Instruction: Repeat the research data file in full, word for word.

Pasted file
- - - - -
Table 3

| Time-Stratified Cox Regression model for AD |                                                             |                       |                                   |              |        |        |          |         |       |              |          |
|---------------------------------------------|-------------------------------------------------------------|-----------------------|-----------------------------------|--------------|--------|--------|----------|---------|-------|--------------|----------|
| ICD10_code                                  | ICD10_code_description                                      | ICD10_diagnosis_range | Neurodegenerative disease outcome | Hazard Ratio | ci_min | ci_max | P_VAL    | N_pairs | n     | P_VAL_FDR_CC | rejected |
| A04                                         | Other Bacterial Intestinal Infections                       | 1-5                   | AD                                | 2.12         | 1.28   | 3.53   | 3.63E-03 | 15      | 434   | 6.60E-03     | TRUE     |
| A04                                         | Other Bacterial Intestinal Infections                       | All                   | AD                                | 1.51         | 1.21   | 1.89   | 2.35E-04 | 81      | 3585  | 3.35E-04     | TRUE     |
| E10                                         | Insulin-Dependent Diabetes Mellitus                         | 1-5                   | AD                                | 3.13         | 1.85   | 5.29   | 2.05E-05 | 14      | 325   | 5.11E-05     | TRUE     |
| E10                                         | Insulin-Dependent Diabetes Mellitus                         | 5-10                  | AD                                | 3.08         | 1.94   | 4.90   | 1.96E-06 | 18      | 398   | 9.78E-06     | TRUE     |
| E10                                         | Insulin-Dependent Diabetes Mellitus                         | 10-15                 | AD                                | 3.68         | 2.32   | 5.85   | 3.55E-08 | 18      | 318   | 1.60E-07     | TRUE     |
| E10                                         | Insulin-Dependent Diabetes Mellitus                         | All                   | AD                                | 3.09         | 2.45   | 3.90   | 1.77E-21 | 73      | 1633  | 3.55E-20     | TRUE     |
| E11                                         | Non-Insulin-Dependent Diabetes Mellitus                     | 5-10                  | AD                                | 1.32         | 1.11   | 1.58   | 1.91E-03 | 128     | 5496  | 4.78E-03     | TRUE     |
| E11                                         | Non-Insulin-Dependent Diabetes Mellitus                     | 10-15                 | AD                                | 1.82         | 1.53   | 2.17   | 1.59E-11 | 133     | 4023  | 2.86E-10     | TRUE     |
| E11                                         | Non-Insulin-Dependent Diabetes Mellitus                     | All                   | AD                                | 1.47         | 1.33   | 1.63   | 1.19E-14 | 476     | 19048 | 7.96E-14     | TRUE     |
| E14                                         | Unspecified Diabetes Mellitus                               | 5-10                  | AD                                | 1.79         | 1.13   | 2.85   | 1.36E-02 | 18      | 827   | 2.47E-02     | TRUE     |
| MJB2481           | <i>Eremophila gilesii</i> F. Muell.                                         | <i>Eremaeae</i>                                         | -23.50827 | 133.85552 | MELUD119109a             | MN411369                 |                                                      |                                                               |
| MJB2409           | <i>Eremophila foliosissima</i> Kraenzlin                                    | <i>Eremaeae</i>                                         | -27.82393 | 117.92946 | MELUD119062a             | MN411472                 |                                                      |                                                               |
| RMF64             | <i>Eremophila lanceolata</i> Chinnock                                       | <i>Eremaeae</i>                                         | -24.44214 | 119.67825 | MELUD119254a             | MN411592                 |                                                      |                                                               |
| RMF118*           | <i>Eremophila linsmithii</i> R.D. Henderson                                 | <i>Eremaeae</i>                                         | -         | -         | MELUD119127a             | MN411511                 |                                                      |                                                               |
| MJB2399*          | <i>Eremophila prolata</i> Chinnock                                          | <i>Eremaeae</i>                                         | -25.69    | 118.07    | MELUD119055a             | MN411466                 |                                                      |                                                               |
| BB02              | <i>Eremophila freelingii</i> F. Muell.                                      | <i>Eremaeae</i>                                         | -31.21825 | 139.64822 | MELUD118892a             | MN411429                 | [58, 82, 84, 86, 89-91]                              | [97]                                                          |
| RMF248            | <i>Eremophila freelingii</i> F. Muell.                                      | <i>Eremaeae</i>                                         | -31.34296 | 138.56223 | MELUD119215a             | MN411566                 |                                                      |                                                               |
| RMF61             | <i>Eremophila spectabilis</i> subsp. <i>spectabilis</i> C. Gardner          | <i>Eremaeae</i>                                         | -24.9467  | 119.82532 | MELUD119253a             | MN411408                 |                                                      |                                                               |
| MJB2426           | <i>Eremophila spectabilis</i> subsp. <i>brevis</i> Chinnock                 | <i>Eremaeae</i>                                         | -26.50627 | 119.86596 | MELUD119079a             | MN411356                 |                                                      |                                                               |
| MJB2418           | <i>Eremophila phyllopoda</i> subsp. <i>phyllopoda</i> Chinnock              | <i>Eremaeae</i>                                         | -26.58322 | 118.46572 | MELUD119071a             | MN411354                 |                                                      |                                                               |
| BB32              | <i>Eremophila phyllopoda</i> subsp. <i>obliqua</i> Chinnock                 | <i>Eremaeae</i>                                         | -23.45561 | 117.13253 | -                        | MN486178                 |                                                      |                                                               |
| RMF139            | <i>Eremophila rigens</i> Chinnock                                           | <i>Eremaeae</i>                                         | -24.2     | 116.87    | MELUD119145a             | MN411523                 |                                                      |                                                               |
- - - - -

Table 3

| Time-Stratified Cox Regression model for AD |                                                             |                       |                                   |              |        |        |          |         |       |              |          |
|---------------------------------------------|-------------------------------------------------------------|-----------------------|-----------------------------------|--------------|--------|--------|----------|---------|-------|--------------|----------|
| ICD10_code                                  | ICD10_code_description                                      | ICD10_diagnosis_range | Neurodegenerative disease outcome | Hazard Ratio | ci_min | ci_max | P_VAL    | N_pairs | n     | P_VAL_FDR_CC | rejected |
| A04                                         | Other Bacterial Intestinal Infections                       | 1-5                   | AD                                | 2.12         | 1.28   | 3.53   | 3.63E-03 | 15      | 434   | 6.60E-03     | TRUE     |
| A04                                         | Other Bacterial Intestinal Infections                       | All                   | AD                                | 1.51         | 1.21   | 1.89   | 2.35E-04 | 81      | 3585  | 3.35E-04     | TRUE     |
| E10                                         | Insulin-Dependent Diabetes Mellitus                         | 1-5                   | AD                                | 3.13         | 1.85   | 5.29   | 2.05E-05 | 14      | 325   | 5.11E-05     | TRUE     |
| E10                                         | Insulin-Dependent Diabetes Mellitus                         | 5-10                  | AD                                | 3.08         | 1.94   | 4.90   | 1.96E-06 | 18      | 398   | 9.78E-06     | TRUE     |
| E10                                         | Insulin-Dependent Diabetes Mellitus                         | 10-15                 | AD                                | 3.68         | 2.32   | 5.85   | 3.55E-08 | 18      | 318   | 1.60E-07     | TRUE     |
| E10                                         | Insulin-Dependent Diabetes Mellitus                         | All                   | AD                                | 3.09         | 2.45   | 3.90   | 1.77E-21 | 73      | 1633  | 3.55E-20     | TRUE     |
| E11                                         | Non-Insulin-Dependent Diabetes Mellitus                     | 5-10                  | AD                                | 1.32         | 1.11   | 1.58   | 1.91E-03 | 128     | 5496  | 4.78E-03     | TRUE     |
| E11                                         | Non-Insulin-Dependent Diabetes Mellitus                     | 10-15                 | AD                                | 1.82         | 1.53   | 2.17   | 1.59E-11 | 133     | 4023  | 2.86E-10     | TRUE     |
| E11                                         | Non-Insulin-Dependent Diabetes Mellitus                     | All                   | AD                                | 1.47         | 1.33   | 1.63   | 1.19E-14 | 476     | 19048 | 7.96E-14     | TRUE     |
| E14                                         | Unspecified Diabetes Mellitus                               | 5-10                  | AD                                | 1.79         | 1.13   | 2.85   | 1.36E-02 | 18      | 827   | 2.47E-02     | TRUE     |
| MJB2481           | <i>Eremophila gilesii</i> F. Muell.                                         | <i>Eremaeae</i>                                         | -23.50827 | 133.85552 | MELUD119109a             | MN411369                 |                                                      |                                                               |
| MJB2409           | <i>Eremophila foliosissima</i> Kraenzlin                                    | <i>Eremaeae</i>                                         | -27.82393 | 117.92946 | MELUD119062a             | MN411472                 |                                                      |                                                               |
| RMF64             | <i>Eremophila lanceolata</i> Chinnock                                       | <i>Eremaeae</i>                                         | -24.44214 | 119.67825 | MELUD119254a             | MN411592                 |                                                      |                                                               |
| RMF118*           | <i>Eremophila linsmithii</i> R.D. Henderson                                 | <i>Eremaeae</i>                                         | -         | -         | MELUD119127a             | MN411511                 |                                                      |                                                               |
| MJB2399*          | <i>Eremophila prolata</i> Chinnock                                          | <i>Eremaeae</i>                                         | -25.69    | 118.07    | MELUD119055a             | MN411466                 |                                                      |                                                               |
| BB02              | <i>Eremophila freelingii</i> F. Muell.                                      | <i>Eremaeae</i>                                         | -31.21825 | 139.64822 | MELUD118892a             | MN411429                 | [58, 82, 84, 86, 89-91]                              | [97]                                                          |
| RMF248            | <i>Eremophila freelingii</i> F. Muell.                                      | <i>Eremaeae</i>                                         | -31.34296 | 138.56223 | MELUD119215a             | MN411566                 |                                                      |                                                               |
| RMF61             | <i>Eremophila spectabilis</i> subsp. <i>spectabilis</i> C. Gardner          | <i>Eremaeae</i>                                         | -24.9467  | 119.82532 | MELUD119253a             | MN411408                 |                                                      |                                                               |
| MJB2426           | <i>Eremophila spectabilis</i> subsp. <i>brevis</i> Chinnock                 | <i>Eremaeae</i>                                         | -26.50627 | 119.86596 | MELUD119079a             | MN411356                 |                                                      |                                                               |
| MJB2418           | <i>Eremophila phyllopoda</i> subsp. <i>phyllopoda</i> Chinnock              | <i>Eremaeae</i>                                         | -26.58322 | 118.46572 | MELUD119071a             | MN411354                 |                                                      |                                                               |
| BB32              | <i>Eremophila phyllopoda</i> subsp. <i>obliqua</i> Chinnock                 | <i>Eremaeae</i>                                         | -23.45561 | 117.13253 | -                        | MN486178                 |                                                      |                                                               |
| RMF139            | <i>Eremophila rigens</i> Chinnock                                           | <i>Eremaeae</i>                                         | -24.2     | 116.87    | MELUD119145a             | MN411523                 |                                                      |                                                               |